On the Glassdoor profile of Taiwan Semiconductor Manufacturing Company, or TSMC—the world’s biggest manufacturer of semiconductor chips—current and former U.S. employees swap messages about grueling working conditions. “People… slept in the office for a month straight,” an engineer wrote in August. “Twelve-hour days are standard, weekend shifts are common. I cannot stress… how brutal the work-life balance is here.” “TSMC is about obedience [and is] not ready for America,” another engineer wrote in January.
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TSMC’s U.S. operations have earned a 27% approval rating on Glassdoor from 91 reviews—meaning that less than a third of its reviewers would encourage others to work there. Intel, one of TSMC’s main rivals, has an 85% approval rating, albeit from tens of thousands more reviews.
Complaints like these are common on Glassdoor, where anonymity gives workers cover to dish on past and current employers. But the gripes from TSMC workers point to a bigger problem: The Taiwanese chip giant’s tough culture is grating on U.S. employees and job candidates, complicating TSMC’s efforts to hire enough employees to staff its two new Arizona foundries. Those foundries, in turn, are a cornerstone of the U.S.’s $52 billion CHIPS Act aimed at re-shoring the crucial semiconductor industry.
TSMC plans to spend $40 billion to build two semiconductor foundries that will churn out the world’s leading-edge chips by 2024 and 2026. President Joe Biden deemed TSMC’s investment—one of the largest ever in the U.S. by a foreign company—a “game changer” that will shift critical chip supply chains back to the U.S. amid Washington’s high-stakes, high-tech chips arms race with China.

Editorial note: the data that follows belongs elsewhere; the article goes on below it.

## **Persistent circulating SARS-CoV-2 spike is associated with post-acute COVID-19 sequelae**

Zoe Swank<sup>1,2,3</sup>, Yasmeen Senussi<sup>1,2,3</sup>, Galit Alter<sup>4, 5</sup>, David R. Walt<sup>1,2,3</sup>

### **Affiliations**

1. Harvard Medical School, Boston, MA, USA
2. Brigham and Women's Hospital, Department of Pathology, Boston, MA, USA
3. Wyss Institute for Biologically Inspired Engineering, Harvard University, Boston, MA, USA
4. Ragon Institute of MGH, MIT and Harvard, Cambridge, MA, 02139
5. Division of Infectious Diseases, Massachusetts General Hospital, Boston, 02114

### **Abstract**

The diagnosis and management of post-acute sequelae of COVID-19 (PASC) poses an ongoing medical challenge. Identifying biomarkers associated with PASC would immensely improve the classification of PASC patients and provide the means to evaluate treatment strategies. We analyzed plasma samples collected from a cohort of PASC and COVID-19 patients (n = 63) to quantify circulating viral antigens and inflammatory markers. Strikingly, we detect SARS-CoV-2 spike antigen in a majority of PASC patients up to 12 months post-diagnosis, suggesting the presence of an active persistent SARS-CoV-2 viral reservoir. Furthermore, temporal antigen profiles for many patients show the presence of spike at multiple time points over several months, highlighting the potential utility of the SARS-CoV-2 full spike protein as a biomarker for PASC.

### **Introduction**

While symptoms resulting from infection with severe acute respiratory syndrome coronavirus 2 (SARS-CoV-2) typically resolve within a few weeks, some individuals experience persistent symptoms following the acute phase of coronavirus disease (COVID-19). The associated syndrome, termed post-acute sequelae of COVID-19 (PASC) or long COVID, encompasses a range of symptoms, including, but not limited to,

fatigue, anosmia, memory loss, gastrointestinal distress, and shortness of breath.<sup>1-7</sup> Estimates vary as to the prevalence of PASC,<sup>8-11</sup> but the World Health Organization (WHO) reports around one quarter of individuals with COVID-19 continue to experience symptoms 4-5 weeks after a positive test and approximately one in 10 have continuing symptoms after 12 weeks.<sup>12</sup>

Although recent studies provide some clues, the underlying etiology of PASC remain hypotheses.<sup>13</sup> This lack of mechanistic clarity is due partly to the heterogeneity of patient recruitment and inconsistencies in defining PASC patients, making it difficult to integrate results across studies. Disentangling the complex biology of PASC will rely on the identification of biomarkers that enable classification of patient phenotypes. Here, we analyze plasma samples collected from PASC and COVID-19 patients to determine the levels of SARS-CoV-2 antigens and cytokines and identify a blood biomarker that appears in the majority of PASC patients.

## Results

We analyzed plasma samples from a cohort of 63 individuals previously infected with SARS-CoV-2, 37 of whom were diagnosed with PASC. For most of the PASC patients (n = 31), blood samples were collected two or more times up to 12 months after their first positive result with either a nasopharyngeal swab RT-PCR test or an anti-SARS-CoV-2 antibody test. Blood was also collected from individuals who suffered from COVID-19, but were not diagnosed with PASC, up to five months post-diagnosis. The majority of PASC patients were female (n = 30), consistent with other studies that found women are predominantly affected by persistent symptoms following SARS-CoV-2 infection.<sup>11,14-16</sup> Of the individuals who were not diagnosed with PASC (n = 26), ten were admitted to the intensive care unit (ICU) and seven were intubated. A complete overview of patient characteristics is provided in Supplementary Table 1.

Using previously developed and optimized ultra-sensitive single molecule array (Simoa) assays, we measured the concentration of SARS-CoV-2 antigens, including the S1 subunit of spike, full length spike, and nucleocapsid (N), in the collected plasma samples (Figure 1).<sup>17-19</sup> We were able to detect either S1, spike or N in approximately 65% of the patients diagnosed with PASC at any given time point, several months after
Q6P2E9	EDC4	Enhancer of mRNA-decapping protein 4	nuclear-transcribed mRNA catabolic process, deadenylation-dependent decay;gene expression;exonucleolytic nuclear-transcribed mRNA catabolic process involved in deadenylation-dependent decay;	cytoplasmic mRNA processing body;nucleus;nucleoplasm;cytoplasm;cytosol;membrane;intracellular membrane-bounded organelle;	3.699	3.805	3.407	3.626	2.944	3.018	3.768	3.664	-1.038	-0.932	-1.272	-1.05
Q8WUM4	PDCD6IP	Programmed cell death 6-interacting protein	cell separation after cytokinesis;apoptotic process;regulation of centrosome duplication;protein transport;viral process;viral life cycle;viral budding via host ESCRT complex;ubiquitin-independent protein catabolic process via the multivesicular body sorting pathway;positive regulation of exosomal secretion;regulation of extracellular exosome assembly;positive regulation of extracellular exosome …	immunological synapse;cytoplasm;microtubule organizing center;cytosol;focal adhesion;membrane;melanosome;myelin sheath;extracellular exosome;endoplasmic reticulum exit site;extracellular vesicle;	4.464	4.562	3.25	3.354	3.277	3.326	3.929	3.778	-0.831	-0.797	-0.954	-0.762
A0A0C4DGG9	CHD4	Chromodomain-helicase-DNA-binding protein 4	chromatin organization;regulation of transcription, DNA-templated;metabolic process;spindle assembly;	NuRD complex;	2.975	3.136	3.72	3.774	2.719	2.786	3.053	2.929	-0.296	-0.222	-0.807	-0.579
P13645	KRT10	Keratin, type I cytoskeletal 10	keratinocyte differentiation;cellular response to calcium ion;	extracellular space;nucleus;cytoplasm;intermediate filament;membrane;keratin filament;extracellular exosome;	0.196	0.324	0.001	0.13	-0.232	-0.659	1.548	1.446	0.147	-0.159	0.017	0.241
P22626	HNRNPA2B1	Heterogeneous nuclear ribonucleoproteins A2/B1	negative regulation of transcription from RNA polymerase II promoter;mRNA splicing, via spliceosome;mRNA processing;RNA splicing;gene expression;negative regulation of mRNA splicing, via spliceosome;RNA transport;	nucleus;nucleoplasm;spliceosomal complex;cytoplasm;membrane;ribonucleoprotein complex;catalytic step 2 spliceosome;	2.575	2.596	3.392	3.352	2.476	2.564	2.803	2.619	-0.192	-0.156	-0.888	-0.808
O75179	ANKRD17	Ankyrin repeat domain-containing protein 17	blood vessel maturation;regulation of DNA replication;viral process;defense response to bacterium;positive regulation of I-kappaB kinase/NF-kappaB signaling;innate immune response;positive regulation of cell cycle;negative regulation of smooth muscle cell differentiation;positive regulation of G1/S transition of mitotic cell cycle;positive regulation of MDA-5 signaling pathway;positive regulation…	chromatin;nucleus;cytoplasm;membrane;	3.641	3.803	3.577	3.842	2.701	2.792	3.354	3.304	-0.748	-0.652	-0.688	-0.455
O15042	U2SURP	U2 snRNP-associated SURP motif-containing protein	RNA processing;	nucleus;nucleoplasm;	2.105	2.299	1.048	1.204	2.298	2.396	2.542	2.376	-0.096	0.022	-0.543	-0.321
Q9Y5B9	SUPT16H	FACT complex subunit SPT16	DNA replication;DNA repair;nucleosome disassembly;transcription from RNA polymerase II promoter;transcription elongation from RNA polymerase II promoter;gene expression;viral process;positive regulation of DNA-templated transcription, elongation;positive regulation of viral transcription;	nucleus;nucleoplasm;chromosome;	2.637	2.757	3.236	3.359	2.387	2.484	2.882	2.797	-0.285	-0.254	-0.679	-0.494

The Semiconductor Industry Association, a trade group that lobbied for the CHIPS Act, estimates the initiative will add 42,000 new jobs by 2030, a figure the Biden administration often cites. TSMC says it will hire 4,500 new workers to support its two Arizona fabs, a sizable chunk of the total new jobs created.
But the company’s hiring ambitions have clashed with a U.S. semiconductor industry whose in-demand workers are accustomed to working with accommodating, well-paying employers and have bristled at TSMC’s tack.
TSMC, which employs 65,000 workers worldwide, says it has on-boarded nearly 2,000 staff for its Arizona plants so far, including 600 engineers. But interviews with recruiters indicate those were hard-fought hires since TSMC’s harsh working culture, rigid standards, and months-long overseas training requirement are turning off current and prospective American employees. The chip giant says its Arizona hiring is on schedule, but it has introduced new policies of late that suggest it’s trying to combat a reputation as an unsparing employer among the engineers and technicians it urgently needs.
TSMC’s rigid expectations for new recruits